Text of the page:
Furthermore, the well-financed and more prevalent measures are, perhaps unsurprisingly, mainly focused on financial frauds: those affecting core business interests, profits, intellectual property rights and domestic revenues. In awareness raising campaigns by the likes of Indian think-tank FICCI-CASCADE, the impact of counterfeit and substandard goods were framed around a breakdown on Indian tax revenues – in 2012 this was estimated to stand at around US $582 million. Thus, even when discussing counterfeit goods in which consumers are the main victims, the impact of fraud is generally assessed mainly in aggregate monetary terms and framed around revenue loss for the powerful, i.e. states, businesses, and copy rights holders; only after this (if at all) losses experienced by (ordinary) consumers come into the equation. In other words, the wider social harm of consuming and using fraudulent goods (particularly by the subaltern classes) seems low on the official anti-fraud agenda. This discourse has been upheld when considering that fraudulent goods, services and practices in everyday life that directly affect wide sections of the population have until recently hardly been given priority of international aid organisations and donors, who instead have for years rather focused on political corruption (Whyte & Wiegratz, 2016).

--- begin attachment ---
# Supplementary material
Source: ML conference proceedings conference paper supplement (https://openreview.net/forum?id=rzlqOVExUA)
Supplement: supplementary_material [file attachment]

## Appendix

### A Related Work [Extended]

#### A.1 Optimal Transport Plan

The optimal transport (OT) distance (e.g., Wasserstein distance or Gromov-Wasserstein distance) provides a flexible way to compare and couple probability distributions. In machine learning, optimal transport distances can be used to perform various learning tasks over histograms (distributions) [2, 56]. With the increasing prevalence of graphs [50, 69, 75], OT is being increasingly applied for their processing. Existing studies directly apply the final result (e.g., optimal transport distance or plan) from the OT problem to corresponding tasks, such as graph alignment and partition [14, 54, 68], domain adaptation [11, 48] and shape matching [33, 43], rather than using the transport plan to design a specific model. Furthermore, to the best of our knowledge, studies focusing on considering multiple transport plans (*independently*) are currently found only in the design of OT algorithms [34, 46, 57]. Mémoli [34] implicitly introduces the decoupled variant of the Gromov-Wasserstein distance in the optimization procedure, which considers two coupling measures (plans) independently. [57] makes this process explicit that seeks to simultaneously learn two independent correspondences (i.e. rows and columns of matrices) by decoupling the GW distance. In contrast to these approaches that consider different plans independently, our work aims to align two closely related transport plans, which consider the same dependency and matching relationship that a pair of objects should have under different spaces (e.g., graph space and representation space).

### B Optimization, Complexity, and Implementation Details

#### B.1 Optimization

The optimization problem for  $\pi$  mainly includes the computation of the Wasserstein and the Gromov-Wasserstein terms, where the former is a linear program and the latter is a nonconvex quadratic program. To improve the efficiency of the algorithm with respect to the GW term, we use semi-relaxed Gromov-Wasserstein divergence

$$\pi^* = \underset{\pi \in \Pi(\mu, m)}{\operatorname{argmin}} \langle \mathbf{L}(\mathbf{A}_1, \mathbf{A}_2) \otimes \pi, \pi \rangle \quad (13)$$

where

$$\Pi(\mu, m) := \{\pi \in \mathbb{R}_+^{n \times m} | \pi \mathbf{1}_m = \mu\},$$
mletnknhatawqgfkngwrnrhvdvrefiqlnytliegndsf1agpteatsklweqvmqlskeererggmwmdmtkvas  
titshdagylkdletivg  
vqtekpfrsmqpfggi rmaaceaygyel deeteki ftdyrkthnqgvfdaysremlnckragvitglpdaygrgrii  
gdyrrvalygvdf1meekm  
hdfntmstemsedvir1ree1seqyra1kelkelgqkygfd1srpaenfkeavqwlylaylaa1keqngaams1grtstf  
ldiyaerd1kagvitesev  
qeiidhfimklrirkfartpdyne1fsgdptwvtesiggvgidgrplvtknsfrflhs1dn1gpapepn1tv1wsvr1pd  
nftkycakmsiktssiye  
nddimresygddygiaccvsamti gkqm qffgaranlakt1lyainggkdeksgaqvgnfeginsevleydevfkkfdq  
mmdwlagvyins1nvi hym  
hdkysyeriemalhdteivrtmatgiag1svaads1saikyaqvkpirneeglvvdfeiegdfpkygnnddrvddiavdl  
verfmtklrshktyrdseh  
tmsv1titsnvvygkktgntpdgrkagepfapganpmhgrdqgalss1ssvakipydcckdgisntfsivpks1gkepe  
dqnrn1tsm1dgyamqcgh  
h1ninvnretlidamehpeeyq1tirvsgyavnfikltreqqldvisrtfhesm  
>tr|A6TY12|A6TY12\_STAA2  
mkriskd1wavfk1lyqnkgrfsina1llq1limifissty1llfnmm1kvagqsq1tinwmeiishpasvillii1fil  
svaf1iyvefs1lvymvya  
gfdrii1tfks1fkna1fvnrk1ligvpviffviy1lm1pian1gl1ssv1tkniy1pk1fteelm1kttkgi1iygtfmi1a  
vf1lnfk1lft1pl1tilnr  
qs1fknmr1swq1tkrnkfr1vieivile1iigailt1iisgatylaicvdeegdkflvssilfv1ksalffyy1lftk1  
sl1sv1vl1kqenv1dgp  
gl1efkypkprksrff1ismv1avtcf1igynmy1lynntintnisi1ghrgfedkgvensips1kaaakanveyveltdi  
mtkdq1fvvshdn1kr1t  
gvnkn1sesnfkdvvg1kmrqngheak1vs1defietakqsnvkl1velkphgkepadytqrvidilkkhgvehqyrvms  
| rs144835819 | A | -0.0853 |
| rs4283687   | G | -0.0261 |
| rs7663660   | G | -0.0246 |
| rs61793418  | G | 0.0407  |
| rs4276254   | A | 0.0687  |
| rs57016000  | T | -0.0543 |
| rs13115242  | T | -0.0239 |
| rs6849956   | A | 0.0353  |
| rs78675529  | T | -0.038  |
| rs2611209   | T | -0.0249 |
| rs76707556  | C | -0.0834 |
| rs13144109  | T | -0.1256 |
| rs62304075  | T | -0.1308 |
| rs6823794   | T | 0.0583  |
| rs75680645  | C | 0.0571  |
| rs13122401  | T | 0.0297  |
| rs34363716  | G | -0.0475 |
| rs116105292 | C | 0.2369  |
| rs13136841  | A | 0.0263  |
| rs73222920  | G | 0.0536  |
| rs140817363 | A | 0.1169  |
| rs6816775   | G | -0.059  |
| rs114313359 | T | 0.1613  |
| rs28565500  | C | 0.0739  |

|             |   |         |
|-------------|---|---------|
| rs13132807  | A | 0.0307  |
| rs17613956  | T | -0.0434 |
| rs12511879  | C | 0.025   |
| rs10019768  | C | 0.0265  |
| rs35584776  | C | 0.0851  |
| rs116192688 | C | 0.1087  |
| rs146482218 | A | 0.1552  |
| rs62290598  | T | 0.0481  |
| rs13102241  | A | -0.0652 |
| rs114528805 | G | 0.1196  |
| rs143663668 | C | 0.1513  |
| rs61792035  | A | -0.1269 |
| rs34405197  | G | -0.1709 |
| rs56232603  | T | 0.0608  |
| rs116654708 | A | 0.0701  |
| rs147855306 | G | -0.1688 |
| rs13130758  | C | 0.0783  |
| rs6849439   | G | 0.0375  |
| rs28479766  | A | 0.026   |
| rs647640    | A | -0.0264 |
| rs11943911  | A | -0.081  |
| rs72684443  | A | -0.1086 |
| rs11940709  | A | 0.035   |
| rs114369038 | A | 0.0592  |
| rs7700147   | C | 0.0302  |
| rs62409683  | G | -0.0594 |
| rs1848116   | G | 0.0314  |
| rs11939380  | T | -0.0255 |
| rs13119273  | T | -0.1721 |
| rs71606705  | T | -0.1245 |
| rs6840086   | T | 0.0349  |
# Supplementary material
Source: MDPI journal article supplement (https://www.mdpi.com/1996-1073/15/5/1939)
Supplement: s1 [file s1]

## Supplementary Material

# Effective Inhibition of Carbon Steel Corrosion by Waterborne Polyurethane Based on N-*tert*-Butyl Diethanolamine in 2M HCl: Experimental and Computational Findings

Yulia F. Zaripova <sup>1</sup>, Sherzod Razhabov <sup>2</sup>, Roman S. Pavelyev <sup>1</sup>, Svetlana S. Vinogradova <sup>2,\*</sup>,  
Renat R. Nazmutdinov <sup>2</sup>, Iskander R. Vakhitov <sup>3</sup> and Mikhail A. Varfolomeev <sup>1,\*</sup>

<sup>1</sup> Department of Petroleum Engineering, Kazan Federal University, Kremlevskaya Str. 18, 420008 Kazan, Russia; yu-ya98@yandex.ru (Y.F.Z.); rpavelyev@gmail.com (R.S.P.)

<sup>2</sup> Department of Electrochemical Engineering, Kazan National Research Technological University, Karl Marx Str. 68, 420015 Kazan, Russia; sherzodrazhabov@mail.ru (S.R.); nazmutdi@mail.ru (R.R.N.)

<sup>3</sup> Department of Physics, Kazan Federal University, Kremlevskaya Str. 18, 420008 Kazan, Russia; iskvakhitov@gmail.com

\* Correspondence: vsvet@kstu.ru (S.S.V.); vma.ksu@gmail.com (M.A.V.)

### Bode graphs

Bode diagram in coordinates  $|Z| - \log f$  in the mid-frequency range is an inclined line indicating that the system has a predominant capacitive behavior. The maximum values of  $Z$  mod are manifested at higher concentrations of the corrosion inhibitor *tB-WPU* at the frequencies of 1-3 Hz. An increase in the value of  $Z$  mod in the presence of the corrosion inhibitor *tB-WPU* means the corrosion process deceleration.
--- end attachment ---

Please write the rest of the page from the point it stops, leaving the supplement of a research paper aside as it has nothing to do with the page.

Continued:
The second, and interrelated, issue to highlight from my research is that the sale of substandard and counterfeit goods seems to disproportionately target and affect low-income households and consumers. This raises questions such as: How are low-income consumers affected by fraud? What anti-fraud initiatives are taken to combat this? And do they differ to those of financial frauds that affect rather large players? When investigating the prevalence of counterfeit goods, there is a link between a very high cost of living that the subaltern face and the potential for subsequent exploitation from fraudulent companies, distributors and merchants as people attempt to get by; hence buying the ‘cheapest’. There are also those consumers that willingly and knowingly purchase counterfeit goods in order to “keep up with the Jones’”; in effect keeping up with the norm of conspicuous consumption in (global/national) society but employing counterfeit goods as a replacement for ‘original’ goods. However, it is the former group that is more concerning here.